By Ed Huyck
By Melissa Wray
By Patrick Strait
By Jonathan McJunkin
By B Fresh Photography
By Ryan Siverson
By Kendra Sundvall
By Ed Huyck
"We left Ruby's and came [to the Loring Playhouse] and started doing serious avant-garde dance. It was not likable work and nobody came to see it. Now I've found the balance between art and entertainment."
In his latest creation, Hello Dali, Johnson has tried to craft a completely abstract piece that toys with reality in much the same way Dali approached his surrealist work. The dancers move through the sandbox as if they were emissaries from a dreamlike world. Although they move with high seriousness, their feet can't help but kick up the grains of this literal and metaphorical sandbox.
"As a kid, I saw Dali as a flamboyant character who really attracted me," Johnson starts, "but I was also afraid of him." Overcoming his initial intimidation, Johnson began to research the artist, uncovering many an unusual tidbit, including Dali's fixation on Jesus Christ Superstar. This despite the fact that his wife had an affair with the Broadway musical's lead ("She had to have Jesus," Johnson snickers). Johnson plays upon this piece of trivia by combining the Superstar score with some thoroughly dissonant 1930s avant-garde music and, of course, Barbra Streisand's full-throttle belting from Hello, Dolly! "It's a mind-reeling juxtaposition," confesses Johnson.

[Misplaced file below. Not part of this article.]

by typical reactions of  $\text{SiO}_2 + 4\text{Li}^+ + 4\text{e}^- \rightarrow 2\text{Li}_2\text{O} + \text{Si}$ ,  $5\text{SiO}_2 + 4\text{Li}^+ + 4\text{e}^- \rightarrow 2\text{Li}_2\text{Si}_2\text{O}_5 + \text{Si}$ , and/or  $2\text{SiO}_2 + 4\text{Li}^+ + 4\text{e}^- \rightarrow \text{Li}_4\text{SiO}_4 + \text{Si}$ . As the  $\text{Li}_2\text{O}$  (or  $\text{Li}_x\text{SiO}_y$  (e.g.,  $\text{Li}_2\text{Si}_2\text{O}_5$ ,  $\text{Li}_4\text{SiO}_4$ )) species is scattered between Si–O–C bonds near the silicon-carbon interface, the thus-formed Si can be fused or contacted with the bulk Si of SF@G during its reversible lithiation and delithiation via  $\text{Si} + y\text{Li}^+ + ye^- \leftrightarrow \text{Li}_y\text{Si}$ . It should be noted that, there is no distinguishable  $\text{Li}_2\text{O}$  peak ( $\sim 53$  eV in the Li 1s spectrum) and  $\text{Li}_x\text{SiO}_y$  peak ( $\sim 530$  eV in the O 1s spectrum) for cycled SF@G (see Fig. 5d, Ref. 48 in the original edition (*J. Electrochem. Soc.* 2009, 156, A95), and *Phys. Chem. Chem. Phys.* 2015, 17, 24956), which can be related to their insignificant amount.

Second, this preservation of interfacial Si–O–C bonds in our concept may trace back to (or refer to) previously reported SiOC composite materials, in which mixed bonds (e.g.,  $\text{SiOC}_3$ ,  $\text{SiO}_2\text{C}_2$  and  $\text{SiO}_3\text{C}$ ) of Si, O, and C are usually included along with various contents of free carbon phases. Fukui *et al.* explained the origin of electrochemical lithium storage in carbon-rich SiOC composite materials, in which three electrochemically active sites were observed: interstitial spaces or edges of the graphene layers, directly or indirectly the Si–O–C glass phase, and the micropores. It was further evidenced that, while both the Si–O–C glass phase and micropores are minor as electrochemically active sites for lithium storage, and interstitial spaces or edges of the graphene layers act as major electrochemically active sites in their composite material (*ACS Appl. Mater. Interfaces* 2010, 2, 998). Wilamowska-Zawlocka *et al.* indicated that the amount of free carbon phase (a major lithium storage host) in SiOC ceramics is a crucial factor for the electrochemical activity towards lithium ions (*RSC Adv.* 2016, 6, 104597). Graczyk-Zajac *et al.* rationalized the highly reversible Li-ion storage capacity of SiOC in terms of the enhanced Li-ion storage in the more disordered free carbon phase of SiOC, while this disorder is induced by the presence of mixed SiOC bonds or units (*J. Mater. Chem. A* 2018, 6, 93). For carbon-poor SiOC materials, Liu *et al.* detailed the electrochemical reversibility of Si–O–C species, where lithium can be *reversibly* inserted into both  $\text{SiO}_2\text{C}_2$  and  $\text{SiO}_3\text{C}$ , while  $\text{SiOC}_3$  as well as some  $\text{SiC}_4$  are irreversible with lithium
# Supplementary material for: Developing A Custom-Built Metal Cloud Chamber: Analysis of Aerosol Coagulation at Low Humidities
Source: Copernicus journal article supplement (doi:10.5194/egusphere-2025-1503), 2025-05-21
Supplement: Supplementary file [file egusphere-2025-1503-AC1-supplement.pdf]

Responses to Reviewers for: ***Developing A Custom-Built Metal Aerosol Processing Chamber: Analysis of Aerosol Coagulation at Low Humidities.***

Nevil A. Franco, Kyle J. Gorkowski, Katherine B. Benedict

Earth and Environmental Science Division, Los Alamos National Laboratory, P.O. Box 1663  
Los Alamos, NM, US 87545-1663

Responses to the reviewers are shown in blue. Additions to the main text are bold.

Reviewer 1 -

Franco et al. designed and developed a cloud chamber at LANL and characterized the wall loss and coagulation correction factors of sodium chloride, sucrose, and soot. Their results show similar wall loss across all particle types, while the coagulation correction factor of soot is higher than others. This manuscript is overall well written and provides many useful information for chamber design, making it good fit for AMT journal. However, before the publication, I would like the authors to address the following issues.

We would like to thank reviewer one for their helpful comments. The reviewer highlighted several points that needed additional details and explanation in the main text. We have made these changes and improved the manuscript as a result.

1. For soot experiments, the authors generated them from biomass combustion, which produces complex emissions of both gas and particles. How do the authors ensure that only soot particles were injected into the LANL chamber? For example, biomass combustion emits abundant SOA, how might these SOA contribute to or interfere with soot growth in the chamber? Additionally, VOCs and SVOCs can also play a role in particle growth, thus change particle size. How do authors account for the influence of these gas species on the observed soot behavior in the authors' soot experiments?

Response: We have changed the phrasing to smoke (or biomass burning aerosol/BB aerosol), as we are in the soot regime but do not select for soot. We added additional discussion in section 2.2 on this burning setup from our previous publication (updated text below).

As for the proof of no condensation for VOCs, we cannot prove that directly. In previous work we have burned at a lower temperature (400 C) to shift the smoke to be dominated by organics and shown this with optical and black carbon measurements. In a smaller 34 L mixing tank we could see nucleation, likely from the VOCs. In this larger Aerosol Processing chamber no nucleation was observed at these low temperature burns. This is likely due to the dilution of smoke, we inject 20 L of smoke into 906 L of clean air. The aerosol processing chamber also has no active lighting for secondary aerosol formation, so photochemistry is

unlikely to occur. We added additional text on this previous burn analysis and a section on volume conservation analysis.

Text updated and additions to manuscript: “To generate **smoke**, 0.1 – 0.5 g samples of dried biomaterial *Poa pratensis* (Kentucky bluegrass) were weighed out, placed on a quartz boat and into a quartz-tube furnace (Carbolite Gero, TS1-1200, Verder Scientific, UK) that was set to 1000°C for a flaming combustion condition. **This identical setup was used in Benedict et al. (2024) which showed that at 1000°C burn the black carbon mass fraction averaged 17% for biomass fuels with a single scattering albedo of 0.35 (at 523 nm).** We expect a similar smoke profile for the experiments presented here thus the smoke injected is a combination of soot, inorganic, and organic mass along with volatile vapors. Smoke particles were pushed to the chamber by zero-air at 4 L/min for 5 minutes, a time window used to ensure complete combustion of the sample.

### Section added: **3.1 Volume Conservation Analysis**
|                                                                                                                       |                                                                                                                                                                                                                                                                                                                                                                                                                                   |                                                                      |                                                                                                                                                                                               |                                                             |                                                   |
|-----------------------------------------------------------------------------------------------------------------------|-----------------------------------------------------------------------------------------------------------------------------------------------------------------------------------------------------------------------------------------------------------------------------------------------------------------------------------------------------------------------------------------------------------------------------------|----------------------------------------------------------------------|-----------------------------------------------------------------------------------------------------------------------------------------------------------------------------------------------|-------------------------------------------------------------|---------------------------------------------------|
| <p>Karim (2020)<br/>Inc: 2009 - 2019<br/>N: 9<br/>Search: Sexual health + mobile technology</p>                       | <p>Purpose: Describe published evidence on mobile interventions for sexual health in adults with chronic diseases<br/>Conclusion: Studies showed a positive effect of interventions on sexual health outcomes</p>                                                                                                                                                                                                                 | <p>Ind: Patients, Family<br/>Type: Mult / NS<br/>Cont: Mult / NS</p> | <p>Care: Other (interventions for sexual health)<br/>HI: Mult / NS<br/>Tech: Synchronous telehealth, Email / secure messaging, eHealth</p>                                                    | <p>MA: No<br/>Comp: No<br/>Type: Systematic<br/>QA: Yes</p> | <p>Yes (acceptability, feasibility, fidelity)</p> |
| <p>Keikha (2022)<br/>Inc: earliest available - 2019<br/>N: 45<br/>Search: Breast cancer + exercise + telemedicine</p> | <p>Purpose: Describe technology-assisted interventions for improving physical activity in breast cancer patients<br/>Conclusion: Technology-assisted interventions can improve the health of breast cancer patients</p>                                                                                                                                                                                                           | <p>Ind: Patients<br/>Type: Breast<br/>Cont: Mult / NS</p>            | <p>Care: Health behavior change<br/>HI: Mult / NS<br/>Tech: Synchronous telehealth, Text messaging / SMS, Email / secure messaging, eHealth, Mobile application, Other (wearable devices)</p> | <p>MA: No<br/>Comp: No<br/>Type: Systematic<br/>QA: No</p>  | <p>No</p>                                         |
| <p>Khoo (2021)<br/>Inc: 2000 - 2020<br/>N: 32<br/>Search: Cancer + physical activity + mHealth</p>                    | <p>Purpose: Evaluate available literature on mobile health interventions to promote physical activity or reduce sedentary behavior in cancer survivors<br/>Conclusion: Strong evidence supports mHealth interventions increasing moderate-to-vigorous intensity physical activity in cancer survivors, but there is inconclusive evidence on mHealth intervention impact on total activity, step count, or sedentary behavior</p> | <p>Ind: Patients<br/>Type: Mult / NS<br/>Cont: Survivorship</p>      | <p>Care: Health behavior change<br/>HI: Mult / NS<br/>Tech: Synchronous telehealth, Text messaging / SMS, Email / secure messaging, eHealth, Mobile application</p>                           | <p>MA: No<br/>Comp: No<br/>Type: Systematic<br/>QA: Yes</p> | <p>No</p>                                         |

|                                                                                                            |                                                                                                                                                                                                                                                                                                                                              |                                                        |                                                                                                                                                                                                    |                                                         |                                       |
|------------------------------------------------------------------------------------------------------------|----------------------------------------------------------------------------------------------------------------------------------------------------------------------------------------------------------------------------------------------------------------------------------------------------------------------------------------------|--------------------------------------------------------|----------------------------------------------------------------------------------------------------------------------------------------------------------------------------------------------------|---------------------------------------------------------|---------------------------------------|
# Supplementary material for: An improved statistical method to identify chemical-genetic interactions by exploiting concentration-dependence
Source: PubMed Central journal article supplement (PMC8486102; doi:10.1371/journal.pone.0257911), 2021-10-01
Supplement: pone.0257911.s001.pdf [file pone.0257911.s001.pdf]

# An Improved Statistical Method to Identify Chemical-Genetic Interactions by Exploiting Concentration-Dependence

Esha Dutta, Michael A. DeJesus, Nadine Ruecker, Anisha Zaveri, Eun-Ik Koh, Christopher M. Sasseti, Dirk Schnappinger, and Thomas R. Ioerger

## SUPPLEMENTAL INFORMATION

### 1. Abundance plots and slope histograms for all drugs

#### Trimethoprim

The Dolls are used to such seemingly nonsensical situations, and Johnson rewards their faith in his process by providing opportunities for individualism. "I used to power-trip, but now I give power to them. I say, 'This is the task, here are the steps that make up the framework, the rest has to come from you.'" Smith-Johnson echoes this experience with an observation on Johnson's evolving character. "He really has become very thoughtful. He motivates and he works so fast, like he has pictures in his mind."
"Life is short and so is your dance career," Johnson concludes, smoothing his Janet Jackson T-shirt. "I'd hate to be 45 and feel like something hadn't been fed [in my art]. That would be painful. It's simply not enough to do as you're told."
Of course, fights erupt and attitudes clash from time to time among the Dolls, as in any close-knit family, but Johnson sees these incidents as the logical outcome of a creative chemistry. He looks to inspiration from the spirits of dancers past, namely his icons Nijinsky, Pavlova, Duncan, and the great impresario Diaghilev. "They have something that connects right with me, the complete and total commitment. I don't mean sacrifice," Johnson explains a bit dreamily. "It's something about the inability to do it any other way."
And so the Dolls continue to do it Myron's way, which seems to work out well for everyone. With Hello Dali as the last Dolls production in the Loring Playhouse before moving to a temporary studio in Northeast, Johnson is dreaming a little bigger again. He awaits approval from the Dolls' board of directors to purchase and renovate the abandoned Ritz Theater on 13th Avenue Northeast, back in his old neighborhood. He imagines a grand chandelier hanging over the audience--a fantasy of elegance for this neighborhood of grain elevators and sports bars.
"It's funny that we're in our 14th year as a company, because it feels just like being a 14-year-old," he reasons. "We're eager, willing to take risks, and a little snotty. That's the Dolls."
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